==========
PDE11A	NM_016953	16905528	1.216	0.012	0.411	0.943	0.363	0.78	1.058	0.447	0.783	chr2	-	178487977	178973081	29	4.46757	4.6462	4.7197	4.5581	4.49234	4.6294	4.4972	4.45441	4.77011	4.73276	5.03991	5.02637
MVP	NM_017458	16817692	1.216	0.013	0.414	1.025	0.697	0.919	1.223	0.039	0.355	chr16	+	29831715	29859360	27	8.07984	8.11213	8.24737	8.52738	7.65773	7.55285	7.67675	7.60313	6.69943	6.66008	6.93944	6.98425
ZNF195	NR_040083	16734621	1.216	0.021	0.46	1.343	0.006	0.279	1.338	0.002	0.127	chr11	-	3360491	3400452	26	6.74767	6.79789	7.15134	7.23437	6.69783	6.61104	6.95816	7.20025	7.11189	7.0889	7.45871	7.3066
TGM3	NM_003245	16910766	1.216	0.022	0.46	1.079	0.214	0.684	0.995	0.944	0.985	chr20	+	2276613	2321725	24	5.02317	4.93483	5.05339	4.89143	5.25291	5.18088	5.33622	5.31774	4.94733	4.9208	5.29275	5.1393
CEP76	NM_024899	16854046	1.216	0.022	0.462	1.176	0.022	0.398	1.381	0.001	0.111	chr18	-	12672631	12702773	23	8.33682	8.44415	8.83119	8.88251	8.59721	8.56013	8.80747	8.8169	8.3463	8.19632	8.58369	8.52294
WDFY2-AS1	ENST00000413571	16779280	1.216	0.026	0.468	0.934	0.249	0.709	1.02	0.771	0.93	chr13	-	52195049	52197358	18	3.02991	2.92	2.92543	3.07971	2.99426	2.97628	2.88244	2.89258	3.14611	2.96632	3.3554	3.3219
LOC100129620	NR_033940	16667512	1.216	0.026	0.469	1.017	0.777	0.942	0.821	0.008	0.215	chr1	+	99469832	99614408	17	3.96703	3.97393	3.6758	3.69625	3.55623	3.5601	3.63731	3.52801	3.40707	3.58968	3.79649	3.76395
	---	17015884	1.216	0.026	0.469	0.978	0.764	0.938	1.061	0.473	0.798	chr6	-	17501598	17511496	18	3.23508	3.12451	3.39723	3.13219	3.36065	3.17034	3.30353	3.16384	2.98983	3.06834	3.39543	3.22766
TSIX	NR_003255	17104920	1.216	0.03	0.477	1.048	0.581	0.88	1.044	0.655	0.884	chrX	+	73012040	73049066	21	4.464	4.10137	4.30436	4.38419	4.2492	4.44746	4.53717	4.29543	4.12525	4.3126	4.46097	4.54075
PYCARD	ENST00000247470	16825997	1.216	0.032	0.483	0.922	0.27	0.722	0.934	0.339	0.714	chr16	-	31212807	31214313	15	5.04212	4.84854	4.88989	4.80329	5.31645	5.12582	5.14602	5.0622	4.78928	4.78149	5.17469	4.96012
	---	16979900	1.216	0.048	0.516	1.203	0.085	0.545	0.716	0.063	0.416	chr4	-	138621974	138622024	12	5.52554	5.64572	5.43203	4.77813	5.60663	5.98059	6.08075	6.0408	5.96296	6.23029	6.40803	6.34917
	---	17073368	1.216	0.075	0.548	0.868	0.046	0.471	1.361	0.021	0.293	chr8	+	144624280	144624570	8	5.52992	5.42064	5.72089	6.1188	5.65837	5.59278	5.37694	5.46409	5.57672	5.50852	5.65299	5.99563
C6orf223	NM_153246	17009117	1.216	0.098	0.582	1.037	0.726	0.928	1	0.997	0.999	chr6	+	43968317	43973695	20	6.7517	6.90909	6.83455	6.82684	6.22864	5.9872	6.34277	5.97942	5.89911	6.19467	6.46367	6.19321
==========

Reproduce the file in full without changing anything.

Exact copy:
PDE11A	NM_016953	16905528	1.216	0.012	0.411	0.943	0.363	0.78	1.058	0.447	0.783	chr2	-	178487977	178973081	29	4.46757	4.6462	4.7197	4.5581	4.49234	4.6294	4.4972	4.45441	4.77011	4.73276	5.03991	5.02637
MVP	NM_017458	16817692	1.216	0.013	0.414	1.025	0.697	0.919	1.223	0.039	0.355	chr16	+	29831715	29859360	27	8.07984	8.11213	8.24737	8.52738	7.65773	7.55285	7.67675	7.60313	6.69943	6.66008	6.93944	6.98425
ZNF195	NR_040083	16734621	1.216	0.021	0.46	1.343	0.006	0.279	1.338	0.002	0.127	chr11	-	3360491	3400452	26	6.74767	6.79789	7.15134	7.23437	6.69783	6.61104	6.95816	7.20025	7.11189	7.0889	7.45871	7.3066
TGM3	NM_003245	16910766	1.216	0.022	0.46	1.079	0.214	0.684	0.995	0.944	0.985	chr20	+	2276613	2321725	24	5.02317	4.93483	5.05339	4.89143	5.25291	5.18088	5.33622	5.31774	4.94733	4.9208	5.29275	5.1393
CEP76	NM_024899	16854046	1.216	0.022	0.462	1.176	0.022	0.398	1.381	0.001	0.111	chr18	-	12672631	12702773	23	8.33682	8.44415	8.83119	8.88251	8.59721	8.56013	8.80747	8.8169	8.3463	8.19632	8.58369	8.52294
WDFY2-AS1	ENST00000413571	16779280	1.216	0.026	0.468	0.934	0.249	0.709	1.02	0.771	0.93	chr13	-	52195049	52197358	18	3.02991	2.92	2.92543	3.07971	2.99426	2.97628	2.88244	2.89258	3.14611	2.96632	3.3554	3.3219
LOC100129620	NR_033940	16667512	1.216	0.026	0.469	1.017	0.777	0.942	0.821	0.008	0.215	chr1	+	99469832	99614408	17	3.96703	3.97393	3.6758	3.69625	3.55623	3.5601	3.63731	3.52801	3.40707	3.58968	3.79649	3.76395
	---	17015884	1.216	0.026	0.469	0.978	0.764	0.938	1.061	0.473	0.798	chr6	-	17501598	17511496	18	3.23508	3.12451	3.39723	3.13219	3.36065	3.17034	3.30353	3.16384	2.98983	3.06834	3.39543	3.22766
TSIX	NR_003255	17104920	1.216	0.03	0.477	1.048	0.581	0.88	1.044	0.655	0.884	chrX	+	73012040	73049066	21	4.464	4.10137	4.30436	4.38419	4.2492	4.44746	4.53717	4.29543	4.12525	4.3126	4.46097	4.54075
PYCARD	ENST00000247470	16825997	1.216	0.032	0.483	0.922	0.27	0.722	0.934	0.339	0.714	chr16	-	31212807	31214313	15	5.04212	4.84854	4.88989	4.80329	5.31645	5.12582	5.14602	5.0622	4.78928	4.78149	5.17469	4.96012
	---	16979900	1.216	0.048	0.516	1.203	0.085	0.545	0.716	0.063	0.416	chr4	-	138621974	138622024	12	5.52554	5.64572	5.43203	4.77813	5.60663	5.98059	6.08075	6.0408	5.96296	6.23029	6.40803	6.34917
	---	17073368	1.216	0.075	0.548	0.868	0.046	0.471	1.361	0.021	0.293	chr8	+	144624280	144624570	8	5.52992	5.42064	5.72089	6.1188	5.65837	5.59278	5.37694	5.46409	5.57672	5.50852	5.65299	5.99563
C6orf223	NM_153246	17009117	1.216	0.098	0.582	1.037	0.726	0.928	1	0.997	0.999	chr6	+	43968317	43973695	20	6.7517	6.90909	6.83455	6.82684	6.22864	5.9872	6.34277	5.97942	5.89911	6.19467	6.46367	6.19321